The first approach to the pictorial evidence consisted of a careful macroscopic observation conducted through visual examination followed by an investigation of the painted surfaces with the Digital Optical Microscope (DOM). The DOM used is a DINOLITE AM4113TFVW (Dino-Lite Europe, IDCP B.V. 1321 NN Almere The Netherlands), performed in visible light and ultraviolet (UV) light at 50 and 200 magnifications with the following technical characteristics: Resolution: 1.3 Mpixels, Magnification: 10 ×  ÷ 50 × ; 200 × , Illumination: 4 UV LEDs with 400 nm + emission; 4 built-in white LEDs, Sensor: Color CMOS, Manual calibration and Measurement with accuracy around ± 3 µm. The instrument allowed us to select idoneous measurement points and areas, avoiding areas of retouching or remaking. Following that, a portable X-Ray fluorescence spectroscopy (p-XRF) was employed on nine sample points (Table 1, Fig. 3) to determine, at the elemental scale, the composition of the most representative painted areas, in terms of major and minor constituents [7, 8].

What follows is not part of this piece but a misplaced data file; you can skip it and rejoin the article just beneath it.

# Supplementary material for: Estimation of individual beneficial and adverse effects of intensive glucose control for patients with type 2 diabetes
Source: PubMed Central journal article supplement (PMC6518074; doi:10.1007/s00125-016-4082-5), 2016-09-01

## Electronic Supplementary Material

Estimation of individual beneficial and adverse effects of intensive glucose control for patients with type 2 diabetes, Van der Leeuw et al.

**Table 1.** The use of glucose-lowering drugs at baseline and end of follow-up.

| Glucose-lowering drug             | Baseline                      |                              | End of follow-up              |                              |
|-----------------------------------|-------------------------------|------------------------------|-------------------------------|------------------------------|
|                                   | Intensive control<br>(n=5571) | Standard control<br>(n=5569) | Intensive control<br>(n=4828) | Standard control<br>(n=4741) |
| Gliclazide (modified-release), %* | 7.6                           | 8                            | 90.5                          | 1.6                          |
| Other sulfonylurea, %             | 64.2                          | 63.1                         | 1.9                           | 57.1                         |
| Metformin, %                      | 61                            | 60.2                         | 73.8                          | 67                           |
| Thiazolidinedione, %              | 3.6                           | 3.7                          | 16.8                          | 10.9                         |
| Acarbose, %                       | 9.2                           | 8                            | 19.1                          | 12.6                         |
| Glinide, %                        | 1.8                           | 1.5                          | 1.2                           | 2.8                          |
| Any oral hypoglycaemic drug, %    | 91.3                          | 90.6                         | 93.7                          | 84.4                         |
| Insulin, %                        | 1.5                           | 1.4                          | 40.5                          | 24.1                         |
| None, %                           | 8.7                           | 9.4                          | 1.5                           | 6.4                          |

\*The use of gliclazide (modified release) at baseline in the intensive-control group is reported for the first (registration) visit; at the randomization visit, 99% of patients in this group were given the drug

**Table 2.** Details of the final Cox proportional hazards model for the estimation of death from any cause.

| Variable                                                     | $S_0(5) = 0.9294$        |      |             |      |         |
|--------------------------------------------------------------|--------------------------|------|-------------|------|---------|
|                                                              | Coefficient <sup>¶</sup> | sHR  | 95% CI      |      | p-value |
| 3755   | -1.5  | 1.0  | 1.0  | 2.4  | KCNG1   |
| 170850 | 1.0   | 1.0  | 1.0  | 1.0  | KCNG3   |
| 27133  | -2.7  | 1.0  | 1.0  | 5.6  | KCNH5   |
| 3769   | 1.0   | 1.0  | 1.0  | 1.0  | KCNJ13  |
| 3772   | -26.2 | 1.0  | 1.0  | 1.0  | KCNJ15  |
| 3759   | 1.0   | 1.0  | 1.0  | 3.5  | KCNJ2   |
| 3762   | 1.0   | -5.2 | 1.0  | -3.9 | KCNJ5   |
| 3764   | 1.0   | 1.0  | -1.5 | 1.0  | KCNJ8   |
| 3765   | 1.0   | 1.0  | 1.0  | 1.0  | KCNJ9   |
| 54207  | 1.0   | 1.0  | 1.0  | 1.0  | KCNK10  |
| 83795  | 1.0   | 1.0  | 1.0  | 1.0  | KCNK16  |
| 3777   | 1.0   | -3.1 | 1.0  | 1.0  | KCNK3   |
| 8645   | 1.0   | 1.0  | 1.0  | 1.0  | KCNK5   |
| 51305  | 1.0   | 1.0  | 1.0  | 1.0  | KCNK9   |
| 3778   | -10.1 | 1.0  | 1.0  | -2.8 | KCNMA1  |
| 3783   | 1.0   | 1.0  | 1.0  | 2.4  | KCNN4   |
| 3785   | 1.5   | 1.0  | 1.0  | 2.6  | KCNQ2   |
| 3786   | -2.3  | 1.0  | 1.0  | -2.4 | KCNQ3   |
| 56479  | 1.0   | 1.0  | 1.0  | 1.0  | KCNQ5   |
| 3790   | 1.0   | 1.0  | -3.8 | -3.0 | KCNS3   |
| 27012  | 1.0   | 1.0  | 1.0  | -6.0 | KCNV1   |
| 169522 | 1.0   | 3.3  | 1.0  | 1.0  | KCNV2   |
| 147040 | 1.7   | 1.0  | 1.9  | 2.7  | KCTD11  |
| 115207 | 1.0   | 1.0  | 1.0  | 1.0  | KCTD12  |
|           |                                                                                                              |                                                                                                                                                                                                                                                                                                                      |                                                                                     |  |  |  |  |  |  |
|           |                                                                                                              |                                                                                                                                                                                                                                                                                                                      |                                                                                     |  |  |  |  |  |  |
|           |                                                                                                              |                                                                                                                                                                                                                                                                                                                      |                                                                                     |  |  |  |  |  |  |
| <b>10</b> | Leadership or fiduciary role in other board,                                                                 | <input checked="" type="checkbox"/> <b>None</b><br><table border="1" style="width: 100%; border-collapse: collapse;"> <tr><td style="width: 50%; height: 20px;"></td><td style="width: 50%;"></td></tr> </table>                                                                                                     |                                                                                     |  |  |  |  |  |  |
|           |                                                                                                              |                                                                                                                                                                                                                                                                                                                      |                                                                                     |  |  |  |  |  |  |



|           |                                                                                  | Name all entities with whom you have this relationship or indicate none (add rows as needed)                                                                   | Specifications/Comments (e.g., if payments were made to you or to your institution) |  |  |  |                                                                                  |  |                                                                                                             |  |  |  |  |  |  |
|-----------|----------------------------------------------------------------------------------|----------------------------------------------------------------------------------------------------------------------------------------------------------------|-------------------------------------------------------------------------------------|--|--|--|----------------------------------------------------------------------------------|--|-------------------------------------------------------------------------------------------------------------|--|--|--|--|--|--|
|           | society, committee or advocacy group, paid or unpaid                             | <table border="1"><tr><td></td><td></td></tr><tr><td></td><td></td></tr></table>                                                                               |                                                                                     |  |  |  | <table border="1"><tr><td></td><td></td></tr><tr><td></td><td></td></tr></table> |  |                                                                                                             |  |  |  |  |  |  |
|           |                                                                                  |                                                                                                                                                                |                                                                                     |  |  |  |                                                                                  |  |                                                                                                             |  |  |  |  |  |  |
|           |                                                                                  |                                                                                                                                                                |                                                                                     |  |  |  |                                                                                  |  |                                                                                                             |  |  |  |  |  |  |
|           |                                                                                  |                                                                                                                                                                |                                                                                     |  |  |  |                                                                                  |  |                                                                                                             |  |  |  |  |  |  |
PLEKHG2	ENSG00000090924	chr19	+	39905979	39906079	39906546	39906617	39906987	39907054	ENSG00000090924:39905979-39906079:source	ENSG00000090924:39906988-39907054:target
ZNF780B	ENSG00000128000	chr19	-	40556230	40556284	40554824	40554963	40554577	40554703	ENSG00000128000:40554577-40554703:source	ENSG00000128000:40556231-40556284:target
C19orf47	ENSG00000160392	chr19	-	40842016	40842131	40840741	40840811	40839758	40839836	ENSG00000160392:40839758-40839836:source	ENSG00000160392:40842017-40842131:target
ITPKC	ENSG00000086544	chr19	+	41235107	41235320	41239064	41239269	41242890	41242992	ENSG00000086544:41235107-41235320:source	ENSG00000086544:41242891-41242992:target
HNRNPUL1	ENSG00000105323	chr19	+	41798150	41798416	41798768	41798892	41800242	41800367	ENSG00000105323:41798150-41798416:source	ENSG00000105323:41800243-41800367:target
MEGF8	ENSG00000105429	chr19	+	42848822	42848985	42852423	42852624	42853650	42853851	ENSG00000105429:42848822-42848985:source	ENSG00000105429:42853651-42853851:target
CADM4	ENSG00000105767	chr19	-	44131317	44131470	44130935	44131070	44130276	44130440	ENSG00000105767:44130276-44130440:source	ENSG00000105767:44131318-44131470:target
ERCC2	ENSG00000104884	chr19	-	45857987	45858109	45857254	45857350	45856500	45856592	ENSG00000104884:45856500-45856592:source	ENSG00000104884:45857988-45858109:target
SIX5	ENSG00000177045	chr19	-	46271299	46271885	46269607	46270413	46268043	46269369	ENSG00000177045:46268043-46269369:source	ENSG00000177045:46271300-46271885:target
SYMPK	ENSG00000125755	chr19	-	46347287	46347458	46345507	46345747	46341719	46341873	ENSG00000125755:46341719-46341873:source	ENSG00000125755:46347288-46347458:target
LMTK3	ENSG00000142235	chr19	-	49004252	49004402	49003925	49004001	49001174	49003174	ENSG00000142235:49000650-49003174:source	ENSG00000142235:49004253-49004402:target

Fig. 3
figure 3

Mapping of the p-XRF and FORS measurement areas performed on the wall painting in the right apse